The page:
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Once There Was Land 

      “And here we have the Artic Ocean, home to some of the biggest and most ferocious aquatic animals in the world!” 

  The tourists oohed and awed, the flash of their cameras creating spectacular reflections on the water below. The boat rocked back and forth on the icy blue waves, making it difficult for Nalis to stand up straight. She grimaced as an icebox wind blew through her black curls. She hadn’t expected it to be so cold here. Almost everywhere else in the world was warm, why shouldn’t the Artic Circle be any different? The waves pitched, and the boat followed obediently. She stumbled over to the shabby rail and hoped it wouldn’t give under her weight. 

  A man in tacky brown pants and a ridiculous sun hat snapped seven or so pictures of the same patch of water while his daughter shrieked about the penguins. “And, over to the left, you’ll see the last bit of solid, natural ground in the entire world!” The tour guide was pointing at a scrappy patch of Earth that hardly seemed worth mentioning. It was small, maybe a meter long by two meters wide, and covered in dirty ice. A lone penguin sat perched atop his kingdom, judgingly watching the strangers to his land. Nalis grimaced. She and the ocean weren’t really the best of friends since her mother forced her to take sailing lessons as a kid. She had fallen into the water, and since that day, she refused to step foot in the ridiculous bathtub that ensnared humanity. But now, with the oceans covering more than ninety percent of Earth, there was little she could do but learn to love it.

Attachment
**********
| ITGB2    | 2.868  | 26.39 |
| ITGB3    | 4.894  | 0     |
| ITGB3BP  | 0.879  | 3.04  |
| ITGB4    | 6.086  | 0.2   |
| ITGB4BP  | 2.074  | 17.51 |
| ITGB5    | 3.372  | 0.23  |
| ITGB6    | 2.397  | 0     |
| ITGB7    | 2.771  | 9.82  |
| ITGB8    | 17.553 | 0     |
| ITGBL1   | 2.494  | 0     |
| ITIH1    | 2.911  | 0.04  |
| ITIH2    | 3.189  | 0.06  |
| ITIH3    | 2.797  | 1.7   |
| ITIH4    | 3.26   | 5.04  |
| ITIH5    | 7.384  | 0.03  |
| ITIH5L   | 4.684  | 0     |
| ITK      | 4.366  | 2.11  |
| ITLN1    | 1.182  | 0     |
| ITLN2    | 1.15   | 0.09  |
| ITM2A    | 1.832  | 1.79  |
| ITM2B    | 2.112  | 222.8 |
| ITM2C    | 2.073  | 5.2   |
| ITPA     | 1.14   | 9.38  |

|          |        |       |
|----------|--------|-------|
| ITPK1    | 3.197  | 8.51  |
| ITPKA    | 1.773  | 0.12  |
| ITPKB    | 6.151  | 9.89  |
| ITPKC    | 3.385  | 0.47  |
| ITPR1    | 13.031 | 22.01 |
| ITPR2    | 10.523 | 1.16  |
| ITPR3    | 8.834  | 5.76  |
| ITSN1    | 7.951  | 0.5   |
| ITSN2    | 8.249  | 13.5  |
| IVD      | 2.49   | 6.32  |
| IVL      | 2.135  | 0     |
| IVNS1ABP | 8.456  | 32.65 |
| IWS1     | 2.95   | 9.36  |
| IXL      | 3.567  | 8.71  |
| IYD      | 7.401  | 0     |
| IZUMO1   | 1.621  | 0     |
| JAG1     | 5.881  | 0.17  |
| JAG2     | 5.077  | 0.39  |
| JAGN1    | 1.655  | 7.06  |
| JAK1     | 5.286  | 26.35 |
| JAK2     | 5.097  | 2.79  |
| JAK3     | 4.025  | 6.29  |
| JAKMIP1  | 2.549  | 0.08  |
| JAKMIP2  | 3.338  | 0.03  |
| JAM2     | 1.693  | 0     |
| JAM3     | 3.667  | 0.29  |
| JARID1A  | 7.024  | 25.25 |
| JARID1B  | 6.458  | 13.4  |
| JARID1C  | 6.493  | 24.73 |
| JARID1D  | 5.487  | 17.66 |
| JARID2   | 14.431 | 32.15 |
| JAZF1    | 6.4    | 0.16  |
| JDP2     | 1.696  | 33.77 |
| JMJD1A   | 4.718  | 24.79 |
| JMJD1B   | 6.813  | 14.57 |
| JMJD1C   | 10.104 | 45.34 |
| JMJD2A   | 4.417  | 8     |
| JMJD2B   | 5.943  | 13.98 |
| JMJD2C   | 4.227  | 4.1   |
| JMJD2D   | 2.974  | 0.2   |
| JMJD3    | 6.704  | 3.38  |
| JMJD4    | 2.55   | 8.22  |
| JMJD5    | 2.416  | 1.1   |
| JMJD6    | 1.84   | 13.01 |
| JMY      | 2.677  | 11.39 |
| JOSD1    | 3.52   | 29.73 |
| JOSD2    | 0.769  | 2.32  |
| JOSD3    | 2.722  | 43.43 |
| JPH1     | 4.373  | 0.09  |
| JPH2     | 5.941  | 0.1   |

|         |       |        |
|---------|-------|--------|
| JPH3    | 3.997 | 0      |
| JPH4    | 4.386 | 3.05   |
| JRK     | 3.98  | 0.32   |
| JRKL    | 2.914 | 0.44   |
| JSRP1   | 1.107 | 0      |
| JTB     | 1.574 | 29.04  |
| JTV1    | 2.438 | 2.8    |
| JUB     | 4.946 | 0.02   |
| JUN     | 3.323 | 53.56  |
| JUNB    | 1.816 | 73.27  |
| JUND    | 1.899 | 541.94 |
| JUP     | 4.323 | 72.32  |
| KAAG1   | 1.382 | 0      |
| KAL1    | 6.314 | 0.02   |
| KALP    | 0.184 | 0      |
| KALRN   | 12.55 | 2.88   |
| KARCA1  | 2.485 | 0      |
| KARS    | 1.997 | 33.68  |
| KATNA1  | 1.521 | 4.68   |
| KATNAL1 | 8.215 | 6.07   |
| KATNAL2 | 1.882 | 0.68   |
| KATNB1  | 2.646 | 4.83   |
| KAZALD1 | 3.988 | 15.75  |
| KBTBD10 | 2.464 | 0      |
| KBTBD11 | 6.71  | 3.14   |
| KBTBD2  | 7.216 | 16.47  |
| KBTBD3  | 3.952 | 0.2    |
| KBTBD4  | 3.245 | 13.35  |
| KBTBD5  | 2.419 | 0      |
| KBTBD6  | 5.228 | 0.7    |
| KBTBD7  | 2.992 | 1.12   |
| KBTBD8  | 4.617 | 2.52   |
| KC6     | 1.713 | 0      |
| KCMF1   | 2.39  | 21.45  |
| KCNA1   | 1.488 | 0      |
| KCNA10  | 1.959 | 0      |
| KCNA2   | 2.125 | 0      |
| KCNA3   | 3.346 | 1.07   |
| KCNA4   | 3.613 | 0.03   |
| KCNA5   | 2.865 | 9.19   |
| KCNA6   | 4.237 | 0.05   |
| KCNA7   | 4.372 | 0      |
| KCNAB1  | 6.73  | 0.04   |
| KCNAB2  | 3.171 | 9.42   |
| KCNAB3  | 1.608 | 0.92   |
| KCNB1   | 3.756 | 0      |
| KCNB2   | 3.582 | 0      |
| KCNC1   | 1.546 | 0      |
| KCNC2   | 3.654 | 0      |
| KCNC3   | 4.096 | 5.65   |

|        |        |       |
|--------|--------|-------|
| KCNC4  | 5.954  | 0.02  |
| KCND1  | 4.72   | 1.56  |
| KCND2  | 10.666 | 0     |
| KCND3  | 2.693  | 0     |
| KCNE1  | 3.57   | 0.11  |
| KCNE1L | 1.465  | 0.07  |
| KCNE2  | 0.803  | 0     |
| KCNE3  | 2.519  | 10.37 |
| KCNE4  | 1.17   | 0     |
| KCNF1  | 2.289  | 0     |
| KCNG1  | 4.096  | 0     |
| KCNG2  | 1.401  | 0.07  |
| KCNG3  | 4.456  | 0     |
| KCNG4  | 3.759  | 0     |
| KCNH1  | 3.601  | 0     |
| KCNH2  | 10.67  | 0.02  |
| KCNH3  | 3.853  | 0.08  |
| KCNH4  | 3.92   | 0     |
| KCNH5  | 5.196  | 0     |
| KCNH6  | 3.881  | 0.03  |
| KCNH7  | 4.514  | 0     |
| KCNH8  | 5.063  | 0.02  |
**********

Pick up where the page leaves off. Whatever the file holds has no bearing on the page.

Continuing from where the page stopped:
The tour guide was shouting again, something about penguins and migratory patterns. Nalis looked over the edge and was surprised to find a little black and white face looking back at her. It cocked its head and watched her with imploring spilled-ink eyes. It’s head turned almost imperceptibly, and Nalis turned to find a man standing only inched behind her with his beady brown eyes focused intently on her. He cleared his throat. “Can I help you with something, or are you just enjoying the view?” If looks could kill, Nalis would be penguin food. The man glared at her for a good minute and a half before inhaling sharply and saying, “I know you from somewhere, don’t I.” 

 It wasn’t a question. This man seemed to think he and Nalis had a history. “I think you’re mistaken,” Nalis said, “I’ve got one of those faces.” “Yeah, you do have one of… those faces.” The man watched her like one might observe an interesting bug as it goes about its business. “You’re one of those… activist people,” the man spat out the word “activist”. He grimaced as if it had left an awful taste in his mouth, as if it had gone bad long ago and should never be mentioned now. “You could call me that, I sup-pose,” she replied slowly. “You want equal right for the Cyborgs, isn’t that it.” “Now, its interesting you bring that up,” Nalis said with a artificial grin, “since its obviously none of your business.” “Oh, but it is my business. I don’t want those, those things being treated like human beings!” The man had gone from annoyance to outrage like a spark whipped with kerosene. Anger warped his face and created an awful image. Nalis forced herself to calm down and stepped away from the man of fire. “They are mostly human though. Androids, now that’s something else entirely, but Cyborgs… they’re mostly human. They think, they feel, and not treating them like they can is just inhumane,” Nalis spoke clearly and calmly, trying to keep things from escalating any farther than they already had. “Oh, what would you know anyway? You’re just one of those,” he sneered.